||[Jan. 9th, 2019|11:32 am]
Saturday i woke very early. Venus was bright as i let the critters out for the dawn rumpus. Since i was awake, i slipped out to go visit my Dad (who rises incredibly early) as he and i both had agendas to meet while seated at the computer. He fixed me an egg sandwich and, after discussion, coached me on how to order it from his short order chef days. Apparently, i want my fried eggs "Over hard."
We spent hours talking about how to manage their Apple devices and storage, with me hitting on some specific things, like making a secret apple ID that can be used to set up FaceTime with auto-answer on their old iPhones to use as monitors. (Aunt is sending walkie talkies that have the usability issue, identified by my aunt, that mom will need to push a button to make it work. I had sent the iPhone auto-answer plan in the email i sent yesterday. Whatever.) Set up the Google calendar my sister and i had been sharing for care on their apple calendar. And so on.
I was pretty drained when i got home, but helped Christine unpack our Yule gift to ourselves: a great big tool cabinet for the garage. Consolidation of tools ahead! This is the year of the garage, we tell ourselves.
Sunday, Christine crashed a little at the thought of me leaving early again. So instead of getting to my parents at 8:30 it was 9:30. I think i will need to keep Sunday mornings for us and then for me to go to Meeting. My sister and i decluttered, removed leaves from tables, moved the twin bed downstairs and made it up, while my Dad built the "wedges" that don't meet code as a ramp, but will improve the safety of getting the wheelchair up and down the two different 5" rises. After that i tackled some technology challenges, leaving my mother's machine painfully downloading the latest version of the Apple OS and taking her iPad 2 home to upgrade to the version of iOS last supported on that device. Fortunately the version is sufficient to support the $75 language therapy application. It took all afternoon to figure out how to upgrade because, apparently, a version of an OS had been downloaded but not installed. The advice was to use iTunes to upgrade, and it took me longer than it should of to realize i could just create an account for her on one of my macs, user her Apple ID to set the account up, and use that upgrade. Once i upgraded i started to make other changes and had to figure out how to not loose 52 photos (shared album, saved them on my machine, switched over, reimported from shared album). I also found that the iTunes sync is with an obsolete computer. The music is likely not that valuable to save. But that will be another day.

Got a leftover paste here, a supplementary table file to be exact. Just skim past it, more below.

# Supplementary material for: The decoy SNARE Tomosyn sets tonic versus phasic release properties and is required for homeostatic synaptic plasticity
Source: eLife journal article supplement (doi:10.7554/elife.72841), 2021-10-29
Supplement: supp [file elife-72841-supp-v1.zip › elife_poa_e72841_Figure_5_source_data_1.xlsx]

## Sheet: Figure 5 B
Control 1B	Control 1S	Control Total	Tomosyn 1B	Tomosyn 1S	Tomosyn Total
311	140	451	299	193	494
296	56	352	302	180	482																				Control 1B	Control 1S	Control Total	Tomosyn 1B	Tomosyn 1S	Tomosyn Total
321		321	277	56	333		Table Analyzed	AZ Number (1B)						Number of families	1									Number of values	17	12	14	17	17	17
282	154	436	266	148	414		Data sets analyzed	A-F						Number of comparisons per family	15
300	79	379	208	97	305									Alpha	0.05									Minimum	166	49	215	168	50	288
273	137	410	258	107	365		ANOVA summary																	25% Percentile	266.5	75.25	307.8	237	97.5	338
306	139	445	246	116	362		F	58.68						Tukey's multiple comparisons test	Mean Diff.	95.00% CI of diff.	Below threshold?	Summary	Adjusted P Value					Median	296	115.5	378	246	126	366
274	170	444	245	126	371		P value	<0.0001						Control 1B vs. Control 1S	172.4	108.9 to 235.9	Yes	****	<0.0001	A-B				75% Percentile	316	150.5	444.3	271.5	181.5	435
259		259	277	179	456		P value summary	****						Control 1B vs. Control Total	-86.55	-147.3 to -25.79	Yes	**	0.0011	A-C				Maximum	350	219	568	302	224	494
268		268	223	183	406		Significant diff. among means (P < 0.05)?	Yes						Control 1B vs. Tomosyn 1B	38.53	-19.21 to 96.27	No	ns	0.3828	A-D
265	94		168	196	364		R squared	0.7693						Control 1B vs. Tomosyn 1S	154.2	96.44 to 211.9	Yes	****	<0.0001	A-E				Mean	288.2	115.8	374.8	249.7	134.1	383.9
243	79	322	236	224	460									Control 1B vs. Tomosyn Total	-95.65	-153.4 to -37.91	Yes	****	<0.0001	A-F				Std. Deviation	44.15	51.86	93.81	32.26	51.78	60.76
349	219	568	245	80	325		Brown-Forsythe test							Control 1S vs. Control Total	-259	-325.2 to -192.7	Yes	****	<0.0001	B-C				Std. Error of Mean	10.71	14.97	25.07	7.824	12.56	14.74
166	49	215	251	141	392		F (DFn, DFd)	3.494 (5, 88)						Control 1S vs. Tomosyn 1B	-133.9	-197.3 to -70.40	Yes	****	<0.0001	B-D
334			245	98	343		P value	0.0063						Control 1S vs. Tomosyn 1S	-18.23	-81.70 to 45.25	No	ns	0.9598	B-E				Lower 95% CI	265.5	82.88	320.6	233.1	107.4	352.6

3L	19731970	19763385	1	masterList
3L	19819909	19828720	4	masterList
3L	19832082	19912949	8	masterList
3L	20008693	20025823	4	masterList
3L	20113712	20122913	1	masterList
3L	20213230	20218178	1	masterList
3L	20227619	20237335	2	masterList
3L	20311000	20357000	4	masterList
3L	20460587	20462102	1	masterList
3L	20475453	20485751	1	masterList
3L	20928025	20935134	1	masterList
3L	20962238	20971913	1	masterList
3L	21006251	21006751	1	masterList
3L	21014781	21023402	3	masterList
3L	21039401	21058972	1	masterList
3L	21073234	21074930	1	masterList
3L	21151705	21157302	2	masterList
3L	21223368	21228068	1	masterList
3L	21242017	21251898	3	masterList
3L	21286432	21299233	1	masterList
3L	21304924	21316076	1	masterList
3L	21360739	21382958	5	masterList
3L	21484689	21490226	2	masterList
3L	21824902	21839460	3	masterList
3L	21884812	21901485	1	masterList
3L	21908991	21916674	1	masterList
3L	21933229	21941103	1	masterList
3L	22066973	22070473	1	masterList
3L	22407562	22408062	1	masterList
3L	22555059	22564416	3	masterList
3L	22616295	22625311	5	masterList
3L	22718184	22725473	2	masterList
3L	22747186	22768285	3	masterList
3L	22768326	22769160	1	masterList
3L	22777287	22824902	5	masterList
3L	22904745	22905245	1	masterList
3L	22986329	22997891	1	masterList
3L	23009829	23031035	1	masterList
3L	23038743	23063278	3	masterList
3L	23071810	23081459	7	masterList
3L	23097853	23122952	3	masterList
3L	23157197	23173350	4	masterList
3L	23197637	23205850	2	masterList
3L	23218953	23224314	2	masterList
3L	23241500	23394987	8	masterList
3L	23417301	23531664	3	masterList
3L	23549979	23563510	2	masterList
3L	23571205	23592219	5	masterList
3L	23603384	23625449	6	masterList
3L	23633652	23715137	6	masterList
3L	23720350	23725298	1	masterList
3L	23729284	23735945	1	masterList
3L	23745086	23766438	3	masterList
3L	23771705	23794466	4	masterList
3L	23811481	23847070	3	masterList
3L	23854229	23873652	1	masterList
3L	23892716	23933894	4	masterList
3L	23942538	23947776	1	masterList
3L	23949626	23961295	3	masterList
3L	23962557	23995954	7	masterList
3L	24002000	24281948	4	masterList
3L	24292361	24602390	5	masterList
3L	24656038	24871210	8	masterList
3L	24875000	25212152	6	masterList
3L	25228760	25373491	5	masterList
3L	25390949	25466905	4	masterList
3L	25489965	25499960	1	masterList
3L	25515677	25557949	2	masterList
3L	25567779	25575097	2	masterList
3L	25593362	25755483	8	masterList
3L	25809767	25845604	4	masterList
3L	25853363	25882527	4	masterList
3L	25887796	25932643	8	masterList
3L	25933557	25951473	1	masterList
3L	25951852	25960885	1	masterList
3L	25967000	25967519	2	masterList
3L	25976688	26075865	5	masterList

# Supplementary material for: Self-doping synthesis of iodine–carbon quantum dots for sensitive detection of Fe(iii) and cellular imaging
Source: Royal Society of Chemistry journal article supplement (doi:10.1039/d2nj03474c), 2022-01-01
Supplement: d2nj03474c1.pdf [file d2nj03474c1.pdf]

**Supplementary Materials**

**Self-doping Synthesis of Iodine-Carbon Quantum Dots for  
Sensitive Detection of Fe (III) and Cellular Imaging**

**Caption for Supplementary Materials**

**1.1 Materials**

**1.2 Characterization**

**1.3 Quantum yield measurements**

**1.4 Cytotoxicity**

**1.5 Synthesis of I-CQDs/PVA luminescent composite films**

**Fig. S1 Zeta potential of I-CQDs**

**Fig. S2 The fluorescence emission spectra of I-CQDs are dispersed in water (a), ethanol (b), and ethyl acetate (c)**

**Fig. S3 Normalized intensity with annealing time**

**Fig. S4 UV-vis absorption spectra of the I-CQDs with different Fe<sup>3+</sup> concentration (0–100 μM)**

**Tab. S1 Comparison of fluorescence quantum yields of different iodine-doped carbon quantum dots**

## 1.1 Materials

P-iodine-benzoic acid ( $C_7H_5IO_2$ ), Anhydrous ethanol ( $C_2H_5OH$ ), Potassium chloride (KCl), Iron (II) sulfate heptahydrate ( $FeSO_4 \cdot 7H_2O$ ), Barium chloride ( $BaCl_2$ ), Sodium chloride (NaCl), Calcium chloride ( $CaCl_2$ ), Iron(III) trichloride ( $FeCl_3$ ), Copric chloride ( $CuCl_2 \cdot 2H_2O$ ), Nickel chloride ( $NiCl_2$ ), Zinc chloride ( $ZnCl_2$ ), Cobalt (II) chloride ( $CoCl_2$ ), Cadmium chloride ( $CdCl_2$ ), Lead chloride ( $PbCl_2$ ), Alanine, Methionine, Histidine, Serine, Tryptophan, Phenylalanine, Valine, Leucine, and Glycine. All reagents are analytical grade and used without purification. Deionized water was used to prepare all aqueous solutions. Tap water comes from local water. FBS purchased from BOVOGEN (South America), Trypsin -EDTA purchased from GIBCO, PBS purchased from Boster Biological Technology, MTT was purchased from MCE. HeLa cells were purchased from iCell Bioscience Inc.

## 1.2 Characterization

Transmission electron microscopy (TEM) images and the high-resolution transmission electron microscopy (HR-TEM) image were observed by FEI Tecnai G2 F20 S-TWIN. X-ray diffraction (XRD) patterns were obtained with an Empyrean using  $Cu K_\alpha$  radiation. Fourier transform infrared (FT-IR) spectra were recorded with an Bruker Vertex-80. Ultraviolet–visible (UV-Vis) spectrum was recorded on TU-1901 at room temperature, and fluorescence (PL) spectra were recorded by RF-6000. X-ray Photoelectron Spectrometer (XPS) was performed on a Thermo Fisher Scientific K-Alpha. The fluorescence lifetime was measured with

Monday, training in the morning with the hectic sense of care in the hospital with constant interruptions. Work in the afternoon, with an "ARGH!" when i poked an issue with the internal support desk about my problems with the RSA phone app failing to initialize from the URL or the QR code, the respoinse was "we worked on that Friday - DONE." It turns out all the responses i sent attached to the ServiceNow incident and not the task, so the person who was supposed to help, never saw the many "help me" messages. I used to drive past the ServiceNow headquarters when taking 101 to the San Jose airport. I would shake my fist at them. Again, ServiceNot.
Yesterday Mom came home. Christine offered significant logistics support, taking me to the hospital, taking the commode chair and some supplies from the hospital to my folks'. In the evening she brought over a table i had ordered (and had delivered to our home without thinking) plus Chipotle bowls for us all. My mother marveled at the flavors and beauty of the lettuce, beans and tomatoes -- evidence of what a month of hospital food can do when you have the least dietary constraint. (She needs foods that won't cause choking.)
Between Christine's morning & evening help, the biggest challenges is the assistance with Mom's transfers: hospital wheelchair to new wheelchair to car to new wheel chair to toilet to new wheelchair. Mom's strong, but still very confused about why she needs help and what the steps are that we ask her to do. She also doesn't understand, it seems, why she must use the commode chair and not the regular commode. And then the hissy-fit she had over how we had rearranged the master bedroom! My parents' arguments are bad enough, but with the comprehension challenges there's an additional level of communication challenges. I finally understood enough about mom mpother's concerns that i could mediate and explain the problems and proposed coping until the weekend. My sister has some solutions we can try then. The biggest concern on my mother's side i think is that it doesn't look good and Dad has to get into their bed on my mother's side of the bed. Dad keeps wanting mom's bed and commode to be in the living area which my sister and i keep stopping.
Today, i am trying to work and have done a decent job. Right now a colleague is defending his use of the word "angsty" so i get to finish reviewing my past few days.